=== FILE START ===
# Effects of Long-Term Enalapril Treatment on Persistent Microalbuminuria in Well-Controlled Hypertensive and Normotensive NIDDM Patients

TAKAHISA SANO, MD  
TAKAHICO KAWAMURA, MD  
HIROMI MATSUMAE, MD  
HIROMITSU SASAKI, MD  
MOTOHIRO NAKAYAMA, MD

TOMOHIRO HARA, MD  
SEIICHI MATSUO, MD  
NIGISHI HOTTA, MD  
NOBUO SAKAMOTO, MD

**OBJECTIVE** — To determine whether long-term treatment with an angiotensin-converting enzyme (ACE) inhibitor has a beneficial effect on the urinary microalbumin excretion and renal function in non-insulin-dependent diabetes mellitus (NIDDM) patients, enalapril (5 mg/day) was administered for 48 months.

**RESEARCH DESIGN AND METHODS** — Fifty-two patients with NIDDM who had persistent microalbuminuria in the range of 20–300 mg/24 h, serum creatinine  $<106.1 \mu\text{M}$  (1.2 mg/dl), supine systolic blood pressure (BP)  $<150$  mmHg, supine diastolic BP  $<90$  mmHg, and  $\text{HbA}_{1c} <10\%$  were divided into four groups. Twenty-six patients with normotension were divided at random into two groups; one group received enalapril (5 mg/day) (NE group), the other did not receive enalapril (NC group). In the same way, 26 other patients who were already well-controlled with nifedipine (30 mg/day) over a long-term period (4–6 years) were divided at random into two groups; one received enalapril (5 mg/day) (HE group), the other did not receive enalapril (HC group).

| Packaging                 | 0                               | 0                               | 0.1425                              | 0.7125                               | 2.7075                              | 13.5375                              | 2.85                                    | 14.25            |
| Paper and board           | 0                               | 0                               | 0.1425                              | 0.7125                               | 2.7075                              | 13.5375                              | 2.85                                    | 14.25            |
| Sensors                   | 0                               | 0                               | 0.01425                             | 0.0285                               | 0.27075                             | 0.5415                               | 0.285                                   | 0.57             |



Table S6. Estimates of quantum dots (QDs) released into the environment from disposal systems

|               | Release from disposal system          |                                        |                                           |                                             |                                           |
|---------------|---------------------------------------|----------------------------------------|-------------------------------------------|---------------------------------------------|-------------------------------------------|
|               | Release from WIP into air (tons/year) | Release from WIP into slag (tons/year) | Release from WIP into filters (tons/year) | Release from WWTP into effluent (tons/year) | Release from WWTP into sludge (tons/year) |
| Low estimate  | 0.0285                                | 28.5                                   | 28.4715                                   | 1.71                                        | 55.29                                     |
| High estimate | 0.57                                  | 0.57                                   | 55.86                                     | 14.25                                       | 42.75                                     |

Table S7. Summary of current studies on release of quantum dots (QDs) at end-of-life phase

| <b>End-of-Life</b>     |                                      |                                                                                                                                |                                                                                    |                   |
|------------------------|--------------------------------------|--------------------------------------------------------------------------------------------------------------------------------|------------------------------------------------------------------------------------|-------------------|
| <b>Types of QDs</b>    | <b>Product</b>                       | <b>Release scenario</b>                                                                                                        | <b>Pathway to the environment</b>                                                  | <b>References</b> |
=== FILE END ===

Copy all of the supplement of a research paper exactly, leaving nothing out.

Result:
# Effects of Long-Term Enalapril Treatment on Persistent Microalbuminuria in Well-Controlled Hypertensive and Normotensive NIDDM Patients

TAKAHISA SANO, MD  
TAKAHICO KAWAMURA, MD  
HIROMI MATSUMAE, MD  
HIROMITSU SASAKI, MD  
MOTOHIRO NAKAYAMA, MD

TOMOHIRO HARA, MD  
SEIICHI MATSUO, MD  
NIGISHI HOTTA, MD  
NOBUO SAKAMOTO, MD

**OBJECTIVE** — To determine whether long-term treatment with an angiotensin-converting enzyme (ACE) inhibitor has a beneficial effect on the urinary microalbumin excretion and renal function in non-insulin-dependent diabetes mellitus (NIDDM) patients, enalapril (5 mg/day) was administered for 48 months.

**RESEARCH DESIGN AND METHODS** — Fifty-two patients with NIDDM who had persistent microalbuminuria in the range of 20–300 mg/24 h, serum creatinine  $<106.1 \mu\text{M}$  (1.2 mg/dl), supine systolic blood pressure (BP)  $<150$  mmHg, supine diastolic BP  $<90$  mmHg, and  $\text{HbA}_{1c} <10\%$  were divided into four groups. Twenty-six patients with normotension were divided at random into two groups; one group received enalapril (5 mg/day) (NE group), the other did not receive enalapril (NC group). In the same way, 26 other patients who were already well-controlled with nifedipine (30 mg/day) over a long-term period (4–6 years) were divided at random into two groups; one received enalapril (5 mg/day) (HE group), the other did not receive enalapril (HC group).

| Packaging                 | 0                               | 0                               | 0.1425                              | 0.7125                               | 2.7075                              | 13.5375                              | 2.85                                    | 14.25            |
| Paper and board           | 0                               | 0                               | 0.1425                              | 0.7125                               | 2.7075                              | 13.5375                              | 2.85                                    | 14.25            |
| Sensors                   | 0                               | 0                               | 0.01425                             | 0.0285                               | 0.27075                             | 0.5415                               | 0.285                                   | 0.57             |



Table S6. Estimates of quantum dots (QDs) released into the environment from disposal systems

|               | Release from disposal system          |                                        |                                           |                                             |                                           |
|---------------|---------------------------------------|----------------------------------------|-------------------------------------------|---------------------------------------------|-------------------------------------------|
|               | Release from WIP into air (tons/year) | Release from WIP into slag (tons/year) | Release from WIP into filters (tons/year) | Release from WWTP into effluent (tons/year) | Release from WWTP into sludge (tons/year) |
| Low estimate  | 0.0285                                | 28.5                                   | 28.4715                                   | 1.71                                        | 55.29                                     |
| High estimate | 0.57                                  | 0.57                                   | 55.86                                     | 14.25                                       | 42.75                                     |

Table S7. Summary of current studies on release of quantum dots (QDs) at end-of-life phase

| <b>End-of-Life</b>     |                                      |                                                                                                                                |                                                                                    |                   |
|------------------------|--------------------------------------|--------------------------------------------------------------------------------------------------------------------------------|------------------------------------------------------------------------------------|-------------------|
| <b>Types of QDs</b>    | <b>Product</b>                       | <b>Release scenario</b>                                                                                                        | <b>Pathway to the environment</b>                                                  | <b>References</b> |